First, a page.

Legal Alert

Philadelphia's Salary History Ban Will Finally Be Enforced

by the Labor and Employment Group
August 10, 2020


On September 1, 2020, the Philadelphia Commission on Human Relations (PCHR) will begin enforcing the Wage Equity Ordinance (Ordinance), which prohibits employers in Philadelphia from asking job applicants for their salary history and from using salary history information to set wage rates.

The Upshot

  • Salary history laws, which are becoming more common across the country at the state and local levels, aim to eliminate the historic pay gap for women and people of color by barring employers from relying on past, potentially discriminatory pay practices in prospectively setting compensation.
  • Philadelphia passed this salary history ban three years ago, but it was subject to a legal challenge.
  • The Ordinance will only apply to job applicants for a position located within Philadelphia and will not apply to applicants for internal transfers or promotions.

The Bottom Line

Companies must ensure that their application processes, including application forms and interview questions, conform to this Ordinance for any positions located in Philadelphia.


Starting September 1, 2020, Philadelphia employers will no longer be able to ask job applicants about their salary history, or require job applicants to disclose their salary history during the application process. Applicants may choose to disclose their wage history voluntarily, but an employer cannot use that information in setting initial wages. Finally, Philadelphia employers may not retaliate against applicants who refuse to disclose their wage history in accordance with the Ordinance.

Ordinance’s Tormented Legal History

This Ordinance has had an embattled history. It was enacted in January 2017, but the Chamber of Commerce for Greater Philadelphia filed a lawsuit challenging the legislation as a violation of constitutional free speech rights before it took effect. In 2018, a federal judge in the Eastern District of Pennsylvania agreed, blocking the portion of the law that prevented employers from making salary history inquiries. In February 2020, the Third Circuit Court of Appeals overturned that injunction, concluding that the important goal of pay equity outweighed any infringement on free speech rights. Instead of appealing the decision to the Supreme Court, the Chamber of Commerce decided to work with the City of Philadelphia in drafting regulations and FAQs regarding the Ordinance.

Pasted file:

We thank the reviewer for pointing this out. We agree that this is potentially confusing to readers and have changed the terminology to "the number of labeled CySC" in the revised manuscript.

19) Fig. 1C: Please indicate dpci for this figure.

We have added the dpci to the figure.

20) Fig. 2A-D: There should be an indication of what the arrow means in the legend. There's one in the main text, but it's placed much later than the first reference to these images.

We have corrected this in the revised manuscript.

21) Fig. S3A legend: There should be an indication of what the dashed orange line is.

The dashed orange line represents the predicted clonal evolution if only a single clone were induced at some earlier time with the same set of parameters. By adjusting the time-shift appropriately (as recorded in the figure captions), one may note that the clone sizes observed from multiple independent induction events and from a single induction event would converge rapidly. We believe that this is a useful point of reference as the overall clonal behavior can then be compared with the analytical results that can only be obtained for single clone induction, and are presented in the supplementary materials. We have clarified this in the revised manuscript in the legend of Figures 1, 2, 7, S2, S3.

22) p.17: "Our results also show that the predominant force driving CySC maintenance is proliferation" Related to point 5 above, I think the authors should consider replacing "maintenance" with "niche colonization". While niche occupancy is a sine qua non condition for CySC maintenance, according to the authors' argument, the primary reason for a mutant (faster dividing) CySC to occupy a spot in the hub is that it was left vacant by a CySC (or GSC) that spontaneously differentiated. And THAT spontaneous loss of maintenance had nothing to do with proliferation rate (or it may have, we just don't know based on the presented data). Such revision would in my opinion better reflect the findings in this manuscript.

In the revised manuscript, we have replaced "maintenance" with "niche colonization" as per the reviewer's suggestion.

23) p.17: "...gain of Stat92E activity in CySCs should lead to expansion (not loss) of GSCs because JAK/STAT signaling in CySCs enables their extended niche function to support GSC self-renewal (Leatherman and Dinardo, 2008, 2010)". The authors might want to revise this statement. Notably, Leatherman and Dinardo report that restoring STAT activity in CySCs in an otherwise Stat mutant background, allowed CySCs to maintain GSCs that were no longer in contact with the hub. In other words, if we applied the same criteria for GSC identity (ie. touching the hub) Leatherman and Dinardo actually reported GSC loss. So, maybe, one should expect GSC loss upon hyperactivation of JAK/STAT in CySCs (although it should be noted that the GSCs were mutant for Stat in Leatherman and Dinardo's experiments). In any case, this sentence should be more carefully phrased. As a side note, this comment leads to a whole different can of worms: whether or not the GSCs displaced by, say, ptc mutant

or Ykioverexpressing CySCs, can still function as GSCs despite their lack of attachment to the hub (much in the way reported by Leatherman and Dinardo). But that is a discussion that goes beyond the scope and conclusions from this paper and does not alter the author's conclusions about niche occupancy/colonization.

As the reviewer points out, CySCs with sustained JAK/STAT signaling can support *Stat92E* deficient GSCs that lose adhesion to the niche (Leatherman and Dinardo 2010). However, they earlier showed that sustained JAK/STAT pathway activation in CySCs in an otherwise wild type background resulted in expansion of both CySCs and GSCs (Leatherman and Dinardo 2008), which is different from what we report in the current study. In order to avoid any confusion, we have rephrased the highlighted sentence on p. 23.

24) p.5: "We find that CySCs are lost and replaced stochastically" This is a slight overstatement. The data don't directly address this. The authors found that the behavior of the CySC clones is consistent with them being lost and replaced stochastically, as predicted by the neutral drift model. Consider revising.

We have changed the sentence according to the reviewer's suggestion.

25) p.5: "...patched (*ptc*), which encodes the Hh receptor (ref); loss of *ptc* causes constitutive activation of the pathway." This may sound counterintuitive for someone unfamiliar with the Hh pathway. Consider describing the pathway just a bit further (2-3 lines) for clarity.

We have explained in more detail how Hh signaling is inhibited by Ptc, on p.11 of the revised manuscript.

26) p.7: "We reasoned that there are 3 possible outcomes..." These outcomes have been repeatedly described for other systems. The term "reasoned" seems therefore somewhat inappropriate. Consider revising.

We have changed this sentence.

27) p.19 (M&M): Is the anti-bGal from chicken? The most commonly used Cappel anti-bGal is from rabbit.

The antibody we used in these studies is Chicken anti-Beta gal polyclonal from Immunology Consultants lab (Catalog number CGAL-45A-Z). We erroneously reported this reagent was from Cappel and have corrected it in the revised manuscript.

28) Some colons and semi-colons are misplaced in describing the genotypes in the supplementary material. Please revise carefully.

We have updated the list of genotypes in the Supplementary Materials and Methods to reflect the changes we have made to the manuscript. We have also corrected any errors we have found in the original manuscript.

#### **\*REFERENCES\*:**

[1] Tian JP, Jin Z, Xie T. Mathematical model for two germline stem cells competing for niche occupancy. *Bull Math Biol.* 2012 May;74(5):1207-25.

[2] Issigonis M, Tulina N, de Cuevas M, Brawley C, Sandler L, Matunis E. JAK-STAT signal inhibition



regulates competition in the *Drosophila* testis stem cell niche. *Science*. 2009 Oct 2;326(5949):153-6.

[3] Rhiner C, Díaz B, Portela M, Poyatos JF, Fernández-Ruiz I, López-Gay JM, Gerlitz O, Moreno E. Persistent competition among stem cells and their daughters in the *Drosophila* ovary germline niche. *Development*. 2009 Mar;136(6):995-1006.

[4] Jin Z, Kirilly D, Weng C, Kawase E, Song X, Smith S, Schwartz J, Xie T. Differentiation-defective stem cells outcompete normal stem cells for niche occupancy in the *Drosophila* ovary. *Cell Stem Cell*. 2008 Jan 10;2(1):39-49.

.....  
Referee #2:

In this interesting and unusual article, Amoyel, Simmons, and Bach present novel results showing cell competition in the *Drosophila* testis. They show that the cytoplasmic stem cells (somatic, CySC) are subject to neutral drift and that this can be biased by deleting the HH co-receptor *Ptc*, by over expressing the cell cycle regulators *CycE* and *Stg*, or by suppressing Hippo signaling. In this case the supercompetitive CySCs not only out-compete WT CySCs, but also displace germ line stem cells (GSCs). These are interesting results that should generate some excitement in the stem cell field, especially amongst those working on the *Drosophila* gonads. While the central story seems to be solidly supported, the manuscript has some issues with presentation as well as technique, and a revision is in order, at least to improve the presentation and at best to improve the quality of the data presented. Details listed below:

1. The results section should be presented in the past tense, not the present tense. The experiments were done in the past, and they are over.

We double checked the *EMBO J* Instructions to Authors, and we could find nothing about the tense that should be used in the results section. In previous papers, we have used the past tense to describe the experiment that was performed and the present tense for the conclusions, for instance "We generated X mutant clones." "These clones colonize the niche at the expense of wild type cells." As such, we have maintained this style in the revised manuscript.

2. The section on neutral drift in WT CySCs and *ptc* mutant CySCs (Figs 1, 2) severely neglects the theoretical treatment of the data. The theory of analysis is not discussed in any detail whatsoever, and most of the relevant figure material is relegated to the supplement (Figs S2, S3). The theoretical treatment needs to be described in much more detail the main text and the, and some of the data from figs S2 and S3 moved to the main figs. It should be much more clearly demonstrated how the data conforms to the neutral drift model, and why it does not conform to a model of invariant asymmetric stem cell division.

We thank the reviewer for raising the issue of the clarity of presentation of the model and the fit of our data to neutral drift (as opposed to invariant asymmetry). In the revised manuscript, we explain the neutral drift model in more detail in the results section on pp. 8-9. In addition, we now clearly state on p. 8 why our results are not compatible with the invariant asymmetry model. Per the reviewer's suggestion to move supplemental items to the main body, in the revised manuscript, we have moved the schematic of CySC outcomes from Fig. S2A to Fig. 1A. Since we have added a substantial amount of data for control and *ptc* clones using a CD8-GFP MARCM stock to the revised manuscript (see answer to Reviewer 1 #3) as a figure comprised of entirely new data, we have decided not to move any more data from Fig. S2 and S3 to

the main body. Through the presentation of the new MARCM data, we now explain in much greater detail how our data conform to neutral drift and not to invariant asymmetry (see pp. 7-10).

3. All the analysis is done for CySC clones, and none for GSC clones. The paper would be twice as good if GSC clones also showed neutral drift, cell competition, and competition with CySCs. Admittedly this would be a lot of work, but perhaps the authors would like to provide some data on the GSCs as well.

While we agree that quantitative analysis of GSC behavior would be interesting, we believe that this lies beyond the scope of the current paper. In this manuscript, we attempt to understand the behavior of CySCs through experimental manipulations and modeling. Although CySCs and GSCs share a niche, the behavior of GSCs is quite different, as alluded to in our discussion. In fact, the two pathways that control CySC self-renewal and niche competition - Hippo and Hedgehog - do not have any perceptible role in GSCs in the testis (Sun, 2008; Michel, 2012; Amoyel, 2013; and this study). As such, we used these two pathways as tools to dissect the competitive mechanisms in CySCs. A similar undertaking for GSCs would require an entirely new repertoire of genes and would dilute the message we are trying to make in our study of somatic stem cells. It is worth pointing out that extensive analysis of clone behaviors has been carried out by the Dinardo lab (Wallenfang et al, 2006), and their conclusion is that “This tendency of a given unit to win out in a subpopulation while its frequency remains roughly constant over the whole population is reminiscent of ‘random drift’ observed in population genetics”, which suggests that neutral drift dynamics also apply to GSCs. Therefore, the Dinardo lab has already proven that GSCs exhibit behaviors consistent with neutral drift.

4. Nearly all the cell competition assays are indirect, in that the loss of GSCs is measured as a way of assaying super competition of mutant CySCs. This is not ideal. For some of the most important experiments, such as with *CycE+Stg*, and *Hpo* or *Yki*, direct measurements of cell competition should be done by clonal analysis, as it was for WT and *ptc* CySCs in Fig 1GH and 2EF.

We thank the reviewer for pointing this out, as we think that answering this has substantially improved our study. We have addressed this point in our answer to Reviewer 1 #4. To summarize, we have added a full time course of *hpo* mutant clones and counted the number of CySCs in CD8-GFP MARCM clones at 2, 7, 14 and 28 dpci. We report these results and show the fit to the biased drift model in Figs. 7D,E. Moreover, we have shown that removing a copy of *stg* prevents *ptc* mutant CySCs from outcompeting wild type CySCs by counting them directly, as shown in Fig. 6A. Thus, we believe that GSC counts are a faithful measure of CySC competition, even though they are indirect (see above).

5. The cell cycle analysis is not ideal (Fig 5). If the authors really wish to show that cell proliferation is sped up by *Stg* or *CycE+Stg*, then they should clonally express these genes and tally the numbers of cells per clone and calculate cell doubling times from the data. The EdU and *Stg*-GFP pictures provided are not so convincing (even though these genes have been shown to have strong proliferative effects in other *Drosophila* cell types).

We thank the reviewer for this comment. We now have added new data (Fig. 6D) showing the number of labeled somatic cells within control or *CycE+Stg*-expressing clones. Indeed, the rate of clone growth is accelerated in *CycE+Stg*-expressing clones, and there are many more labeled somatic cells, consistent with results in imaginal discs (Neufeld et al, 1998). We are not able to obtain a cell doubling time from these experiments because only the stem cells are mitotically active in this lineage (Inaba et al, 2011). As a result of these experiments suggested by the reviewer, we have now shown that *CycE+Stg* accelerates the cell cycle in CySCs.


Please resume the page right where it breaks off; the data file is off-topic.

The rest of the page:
PCHR Offers Clarifying Guidance on Ordinance

The FAQs and regulations clarify that this salary history ban only applies when an employer is interviewing a job applicant for a position located in Philadelphia. Therefore, the location of the employer’s headquarters, or whether the interview itself occurs within Philadelphia, are not relevant considerations. The PCHR cautions that, even if a job does not require an employee to spend all of their time in Philadelphia, the position may still be covered depending on the job’s “overall ties to Philadelphia.” The PCHR recommends considering how much of the employee’s time will be spent in Philadelphia, whether the employee will have a workstation in Philadelphia, and the extent of the employee’s contact with Philadelphia, including the location of clients, projects or transactions.

Further, this ban on salary history inquiries only applies to applicants seeking positions with a new employer. It does not affect employees who are applying for internal transfers or promotions.

Instead of relying on salary history inquires, employers can look to market data, or ask applicants about their salary expectations, provided that employers do not ask the applicant to connect their salary expectations with past wage rates.

Attorneys in Ballard Spahr’s Labor and Employment Group regularly assist organizations with pay equity and discrimination issues, including training and audits of compensation systems.

Copyright © 2020 by Ballard Spahr LLP.
(No claim to original U.S. government material.)

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This alert is a periodic publication of Ballard Spahr LLP and is intended to notify recipients of new developments in the law. It should not be construed as legal advice or legal opinion on any specific facts or circumstances. The contents are intended for general informational purposes only, and you are urged to consult your own attorney concerning your situation and specific legal questions you have.

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